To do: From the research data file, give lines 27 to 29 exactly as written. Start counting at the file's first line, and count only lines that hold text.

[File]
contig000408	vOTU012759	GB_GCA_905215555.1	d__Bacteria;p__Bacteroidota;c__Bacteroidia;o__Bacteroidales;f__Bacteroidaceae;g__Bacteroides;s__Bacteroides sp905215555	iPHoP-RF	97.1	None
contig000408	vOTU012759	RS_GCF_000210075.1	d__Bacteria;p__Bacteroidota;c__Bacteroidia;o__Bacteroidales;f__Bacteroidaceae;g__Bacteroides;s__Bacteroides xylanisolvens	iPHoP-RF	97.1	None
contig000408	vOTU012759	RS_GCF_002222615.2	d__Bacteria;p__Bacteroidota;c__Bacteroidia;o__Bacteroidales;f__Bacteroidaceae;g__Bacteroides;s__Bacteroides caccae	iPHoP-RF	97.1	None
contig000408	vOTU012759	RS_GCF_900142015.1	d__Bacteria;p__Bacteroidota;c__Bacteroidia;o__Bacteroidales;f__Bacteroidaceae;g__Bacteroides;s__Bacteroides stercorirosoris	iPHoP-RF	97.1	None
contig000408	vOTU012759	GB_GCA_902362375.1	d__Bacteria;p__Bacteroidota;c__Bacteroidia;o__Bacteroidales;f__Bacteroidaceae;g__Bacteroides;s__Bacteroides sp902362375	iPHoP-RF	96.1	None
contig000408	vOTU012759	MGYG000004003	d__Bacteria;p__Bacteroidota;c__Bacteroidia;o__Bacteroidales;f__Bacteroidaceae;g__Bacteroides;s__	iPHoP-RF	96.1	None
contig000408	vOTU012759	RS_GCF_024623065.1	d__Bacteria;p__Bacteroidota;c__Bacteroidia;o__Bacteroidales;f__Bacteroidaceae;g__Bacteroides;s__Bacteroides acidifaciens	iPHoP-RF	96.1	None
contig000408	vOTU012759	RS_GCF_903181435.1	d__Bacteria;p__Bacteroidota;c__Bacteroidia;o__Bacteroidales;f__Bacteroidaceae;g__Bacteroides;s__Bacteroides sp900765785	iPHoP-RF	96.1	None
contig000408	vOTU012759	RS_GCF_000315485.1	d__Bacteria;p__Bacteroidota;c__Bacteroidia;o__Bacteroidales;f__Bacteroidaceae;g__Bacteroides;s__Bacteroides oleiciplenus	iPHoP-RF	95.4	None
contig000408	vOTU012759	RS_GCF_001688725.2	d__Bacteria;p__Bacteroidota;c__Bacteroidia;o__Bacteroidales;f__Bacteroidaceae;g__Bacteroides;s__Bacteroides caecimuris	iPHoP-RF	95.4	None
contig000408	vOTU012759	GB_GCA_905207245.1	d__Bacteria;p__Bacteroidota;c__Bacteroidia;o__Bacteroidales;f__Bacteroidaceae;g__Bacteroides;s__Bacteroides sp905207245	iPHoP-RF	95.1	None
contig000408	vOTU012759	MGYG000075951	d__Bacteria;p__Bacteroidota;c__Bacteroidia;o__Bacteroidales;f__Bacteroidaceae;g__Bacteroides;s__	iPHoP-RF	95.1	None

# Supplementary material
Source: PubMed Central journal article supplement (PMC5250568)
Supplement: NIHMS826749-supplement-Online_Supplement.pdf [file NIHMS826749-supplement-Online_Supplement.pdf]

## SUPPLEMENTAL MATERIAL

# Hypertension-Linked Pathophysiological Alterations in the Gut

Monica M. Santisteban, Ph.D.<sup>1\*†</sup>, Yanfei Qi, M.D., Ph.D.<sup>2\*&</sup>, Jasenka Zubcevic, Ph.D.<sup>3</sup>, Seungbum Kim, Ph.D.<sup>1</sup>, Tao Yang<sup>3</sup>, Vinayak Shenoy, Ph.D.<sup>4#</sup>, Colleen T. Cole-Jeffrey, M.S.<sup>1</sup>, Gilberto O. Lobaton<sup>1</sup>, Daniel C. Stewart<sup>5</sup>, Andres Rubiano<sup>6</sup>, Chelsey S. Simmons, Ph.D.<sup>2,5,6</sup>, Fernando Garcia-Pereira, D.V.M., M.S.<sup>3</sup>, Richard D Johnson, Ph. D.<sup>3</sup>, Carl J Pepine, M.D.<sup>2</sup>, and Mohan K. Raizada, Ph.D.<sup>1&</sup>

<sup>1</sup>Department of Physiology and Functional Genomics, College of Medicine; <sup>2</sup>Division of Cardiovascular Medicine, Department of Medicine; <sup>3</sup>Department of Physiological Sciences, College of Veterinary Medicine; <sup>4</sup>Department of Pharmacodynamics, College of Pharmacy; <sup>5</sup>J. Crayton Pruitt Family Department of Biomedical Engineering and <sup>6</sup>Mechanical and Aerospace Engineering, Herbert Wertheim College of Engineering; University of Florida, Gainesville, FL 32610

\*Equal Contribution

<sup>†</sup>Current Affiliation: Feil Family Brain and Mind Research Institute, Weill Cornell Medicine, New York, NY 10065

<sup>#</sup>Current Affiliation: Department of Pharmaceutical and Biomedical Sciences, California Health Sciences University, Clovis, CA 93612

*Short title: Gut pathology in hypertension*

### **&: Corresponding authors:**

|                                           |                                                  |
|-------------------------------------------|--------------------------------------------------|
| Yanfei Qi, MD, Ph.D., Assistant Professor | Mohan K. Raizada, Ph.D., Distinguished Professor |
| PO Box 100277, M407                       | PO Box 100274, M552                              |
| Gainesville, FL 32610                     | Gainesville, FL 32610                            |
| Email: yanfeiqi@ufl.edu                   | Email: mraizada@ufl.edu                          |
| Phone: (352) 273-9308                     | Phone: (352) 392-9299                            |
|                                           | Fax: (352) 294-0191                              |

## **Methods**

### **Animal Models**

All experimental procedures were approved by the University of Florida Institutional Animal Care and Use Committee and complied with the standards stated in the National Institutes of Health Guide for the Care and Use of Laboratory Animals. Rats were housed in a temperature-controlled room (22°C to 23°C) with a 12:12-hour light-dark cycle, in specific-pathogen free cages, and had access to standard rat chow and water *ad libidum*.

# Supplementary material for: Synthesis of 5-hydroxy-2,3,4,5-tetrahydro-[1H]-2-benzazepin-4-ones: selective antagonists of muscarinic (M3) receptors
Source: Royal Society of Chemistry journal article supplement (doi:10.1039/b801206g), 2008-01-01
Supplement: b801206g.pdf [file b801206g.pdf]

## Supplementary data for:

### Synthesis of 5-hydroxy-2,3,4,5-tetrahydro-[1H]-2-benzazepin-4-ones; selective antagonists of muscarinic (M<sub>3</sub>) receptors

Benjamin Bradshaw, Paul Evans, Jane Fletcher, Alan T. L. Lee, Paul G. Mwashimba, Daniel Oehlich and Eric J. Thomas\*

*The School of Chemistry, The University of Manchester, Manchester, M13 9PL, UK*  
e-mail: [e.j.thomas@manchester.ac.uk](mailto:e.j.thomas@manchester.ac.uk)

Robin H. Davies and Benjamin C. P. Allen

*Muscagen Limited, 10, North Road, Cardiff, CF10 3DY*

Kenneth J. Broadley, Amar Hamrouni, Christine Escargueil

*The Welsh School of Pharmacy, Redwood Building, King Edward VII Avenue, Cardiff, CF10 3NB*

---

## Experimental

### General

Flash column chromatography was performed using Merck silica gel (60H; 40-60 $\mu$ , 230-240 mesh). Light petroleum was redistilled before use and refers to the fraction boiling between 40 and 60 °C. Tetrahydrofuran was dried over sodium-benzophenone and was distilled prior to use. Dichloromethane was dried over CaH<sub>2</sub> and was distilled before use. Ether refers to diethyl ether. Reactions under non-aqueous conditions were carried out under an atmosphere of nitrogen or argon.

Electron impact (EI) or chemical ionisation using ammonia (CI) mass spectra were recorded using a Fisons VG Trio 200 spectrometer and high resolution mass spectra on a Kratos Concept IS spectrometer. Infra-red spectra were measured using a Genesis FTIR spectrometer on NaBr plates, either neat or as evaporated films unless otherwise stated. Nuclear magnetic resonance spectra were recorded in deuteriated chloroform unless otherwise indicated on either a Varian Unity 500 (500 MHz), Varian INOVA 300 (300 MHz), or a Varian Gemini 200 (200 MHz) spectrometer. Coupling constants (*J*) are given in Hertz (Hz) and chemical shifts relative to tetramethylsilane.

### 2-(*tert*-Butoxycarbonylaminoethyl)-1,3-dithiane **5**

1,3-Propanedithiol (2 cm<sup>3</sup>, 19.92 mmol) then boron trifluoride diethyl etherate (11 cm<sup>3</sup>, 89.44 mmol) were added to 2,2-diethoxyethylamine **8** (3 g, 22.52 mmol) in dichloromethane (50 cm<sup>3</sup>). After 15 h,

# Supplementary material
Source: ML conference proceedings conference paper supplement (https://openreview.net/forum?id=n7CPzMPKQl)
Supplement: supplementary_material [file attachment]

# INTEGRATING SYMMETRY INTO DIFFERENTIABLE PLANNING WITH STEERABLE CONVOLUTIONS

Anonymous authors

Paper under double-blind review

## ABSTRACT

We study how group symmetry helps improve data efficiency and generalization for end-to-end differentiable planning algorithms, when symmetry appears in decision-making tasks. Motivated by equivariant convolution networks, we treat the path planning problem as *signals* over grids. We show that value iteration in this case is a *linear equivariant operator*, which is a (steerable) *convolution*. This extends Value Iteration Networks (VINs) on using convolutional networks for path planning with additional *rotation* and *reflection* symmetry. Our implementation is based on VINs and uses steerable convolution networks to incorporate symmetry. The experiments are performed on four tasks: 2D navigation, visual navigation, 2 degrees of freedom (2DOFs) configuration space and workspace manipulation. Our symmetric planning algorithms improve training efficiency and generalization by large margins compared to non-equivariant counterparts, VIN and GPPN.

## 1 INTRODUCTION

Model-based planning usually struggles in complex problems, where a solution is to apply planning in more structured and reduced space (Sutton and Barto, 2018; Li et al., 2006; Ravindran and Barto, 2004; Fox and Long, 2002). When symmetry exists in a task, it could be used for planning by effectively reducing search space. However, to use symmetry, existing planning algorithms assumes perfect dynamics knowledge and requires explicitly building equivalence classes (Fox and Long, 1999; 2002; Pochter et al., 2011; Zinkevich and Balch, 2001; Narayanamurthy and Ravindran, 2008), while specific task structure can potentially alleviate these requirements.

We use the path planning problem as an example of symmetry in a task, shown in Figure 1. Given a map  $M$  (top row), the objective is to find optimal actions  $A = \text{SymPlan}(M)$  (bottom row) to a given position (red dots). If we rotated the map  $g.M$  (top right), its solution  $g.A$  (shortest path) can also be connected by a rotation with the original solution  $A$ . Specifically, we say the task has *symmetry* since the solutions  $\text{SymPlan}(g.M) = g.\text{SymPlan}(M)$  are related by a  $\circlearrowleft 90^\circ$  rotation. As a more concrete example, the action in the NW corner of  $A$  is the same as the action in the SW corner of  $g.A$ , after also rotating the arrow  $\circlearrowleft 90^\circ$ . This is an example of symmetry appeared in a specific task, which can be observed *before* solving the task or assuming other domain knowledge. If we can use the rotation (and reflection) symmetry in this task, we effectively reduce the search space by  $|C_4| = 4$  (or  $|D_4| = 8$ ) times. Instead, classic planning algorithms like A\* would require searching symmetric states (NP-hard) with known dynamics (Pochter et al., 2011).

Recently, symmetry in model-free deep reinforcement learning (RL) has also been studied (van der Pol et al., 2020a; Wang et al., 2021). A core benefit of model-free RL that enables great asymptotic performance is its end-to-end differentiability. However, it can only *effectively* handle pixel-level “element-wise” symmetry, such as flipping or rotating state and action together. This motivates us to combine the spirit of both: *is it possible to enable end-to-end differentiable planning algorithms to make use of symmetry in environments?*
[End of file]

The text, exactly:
| Yanfei Qi, MD, Ph.D., Assistant Professor | Mohan K. Raizada, Ph.D., Distinguished Professor |
| PO Box 100277, M407                       | PO Box 100274, M552                              |
| Gainesville, FL 32610                     | Gainesville, FL 32610                            |